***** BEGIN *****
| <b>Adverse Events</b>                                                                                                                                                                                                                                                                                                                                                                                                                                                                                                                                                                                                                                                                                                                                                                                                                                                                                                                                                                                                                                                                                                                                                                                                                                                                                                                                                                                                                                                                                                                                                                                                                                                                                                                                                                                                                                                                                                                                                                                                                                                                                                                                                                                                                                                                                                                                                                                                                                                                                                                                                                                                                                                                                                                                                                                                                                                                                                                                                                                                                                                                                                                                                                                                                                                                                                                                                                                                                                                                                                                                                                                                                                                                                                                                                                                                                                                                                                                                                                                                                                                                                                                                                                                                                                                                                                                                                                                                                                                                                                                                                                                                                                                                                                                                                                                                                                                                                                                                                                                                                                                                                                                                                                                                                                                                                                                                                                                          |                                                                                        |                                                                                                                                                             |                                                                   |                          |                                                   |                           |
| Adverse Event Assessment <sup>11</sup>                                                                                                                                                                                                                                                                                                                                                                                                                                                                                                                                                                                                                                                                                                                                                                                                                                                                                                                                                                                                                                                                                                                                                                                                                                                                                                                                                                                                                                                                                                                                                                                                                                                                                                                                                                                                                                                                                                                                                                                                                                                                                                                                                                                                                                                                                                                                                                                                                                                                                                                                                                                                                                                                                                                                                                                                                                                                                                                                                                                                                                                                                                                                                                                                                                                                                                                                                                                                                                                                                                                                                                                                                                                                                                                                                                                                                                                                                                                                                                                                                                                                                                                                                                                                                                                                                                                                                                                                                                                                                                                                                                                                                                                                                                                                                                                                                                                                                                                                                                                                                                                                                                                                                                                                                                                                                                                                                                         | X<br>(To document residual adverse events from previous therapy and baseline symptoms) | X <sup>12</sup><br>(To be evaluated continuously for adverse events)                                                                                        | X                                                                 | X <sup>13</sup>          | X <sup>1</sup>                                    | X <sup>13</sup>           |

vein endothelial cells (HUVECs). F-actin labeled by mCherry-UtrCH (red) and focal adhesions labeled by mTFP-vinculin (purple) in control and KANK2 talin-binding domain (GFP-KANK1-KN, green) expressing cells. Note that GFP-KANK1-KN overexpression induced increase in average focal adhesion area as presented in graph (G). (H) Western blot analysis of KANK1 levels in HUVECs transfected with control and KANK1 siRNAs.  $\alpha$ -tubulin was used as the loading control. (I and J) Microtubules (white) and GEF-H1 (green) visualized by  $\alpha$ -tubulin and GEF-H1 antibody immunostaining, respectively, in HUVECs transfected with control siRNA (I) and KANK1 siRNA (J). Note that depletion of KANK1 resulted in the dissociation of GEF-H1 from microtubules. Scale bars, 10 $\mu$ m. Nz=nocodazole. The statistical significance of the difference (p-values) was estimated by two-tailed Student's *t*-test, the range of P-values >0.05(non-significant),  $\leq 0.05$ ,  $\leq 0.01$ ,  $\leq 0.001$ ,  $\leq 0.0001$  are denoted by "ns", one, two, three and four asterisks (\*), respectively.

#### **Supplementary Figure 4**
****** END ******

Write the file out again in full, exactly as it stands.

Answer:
| <b>Adverse Events</b>                                                                                                                                                                                                                                                                                                                                                                                                                                                                                                                                                                                                                                                                                                                                                                                                                                                                                                                                                                                                                                                                                                                                                                                                                                                                                                                                                                                                                                                                                                                                                                                                                                                                                                                                                                                                                                                                                                                                                                                                                                                                                                                                                                                                                                                                                                                                                                                                                                                                                                                                                                                                                                                                                                                                                                                                                                                                                                                                                                                                                                                                                                                                                                                                                                                                                                                                                                                                                                                                                                                                                                                                                                                                                                                                                                                                                                                                                                                                                                                                                                                                                                                                                                                                                                                                                                                                                                                                                                                                                                                                                                                                                                                                                                                                                                                                                                                                                                                                                                                                                                                                                                                                                                                                                                                                                                                                                                                          |                                                                                        |                                                                                                                                                             |                                                                   |                          |                                                   |                           |
| Adverse Event Assessment <sup>11</sup>                                                                                                                                                                                                                                                                                                                                                                                                                                                                                                                                                                                                                                                                                                                                                                                                                                                                                                                                                                                                                                                                                                                                                                                                                                                                                                                                                                                                                                                                                                                                                                                                                                                                                                                                                                                                                                                                                                                                                                                                                                                                                                                                                                                                                                                                                                                                                                                                                                                                                                                                                                                                                                                                                                                                                                                                                                                                                                                                                                                                                                                                                                                                                                                                                                                                                                                                                                                                                                                                                                                                                                                                                                                                                                                                                                                                                                                                                                                                                                                                                                                                                                                                                                                                                                                                                                                                                                                                                                                                                                                                                                                                                                                                                                                                                                                                                                                                                                                                                                                                                                                                                                                                                                                                                                                                                                                                                                         | X<br>(To document residual adverse events from previous therapy and baseline symptoms) | X <sup>12</sup><br>(To be evaluated continuously for adverse events)                                                                                        | X                                                                 | X <sup>13</sup>          | X <sup>1</sup>                                    | X <sup>13</sup>           |

vein endothelial cells (HUVECs). F-actin labeled by mCherry-UtrCH (red) and focal adhesions labeled by mTFP-vinculin (purple) in control and KANK2 talin-binding domain (GFP-KANK1-KN, green) expressing cells. Note that GFP-KANK1-KN overexpression induced increase in average focal adhesion area as presented in graph (G). (H) Western blot analysis of KANK1 levels in HUVECs transfected with control and KANK1 siRNAs.  $\alpha$ -tubulin was used as the loading control. (I and J) Microtubules (white) and GEF-H1 (green) visualized by  $\alpha$ -tubulin and GEF-H1 antibody immunostaining, respectively, in HUVECs transfected with control siRNA (I) and KANK1 siRNA (J). Note that depletion of KANK1 resulted in the dissociation of GEF-H1 from microtubules. Scale bars, 10 $\mu$ m. Nz=nocodazole. The statistical significance of the difference (p-values) was estimated by two-tailed Student's *t*-test, the range of P-values >0.05(non-significant),  $\leq 0.05$ ,  $\leq 0.01$ ,  $\leq 0.001$ ,  $\leq 0.0001$  are denoted by "ns", one, two, three and four asterisks (\*), respectively.

#### **Supplementary Figure 4**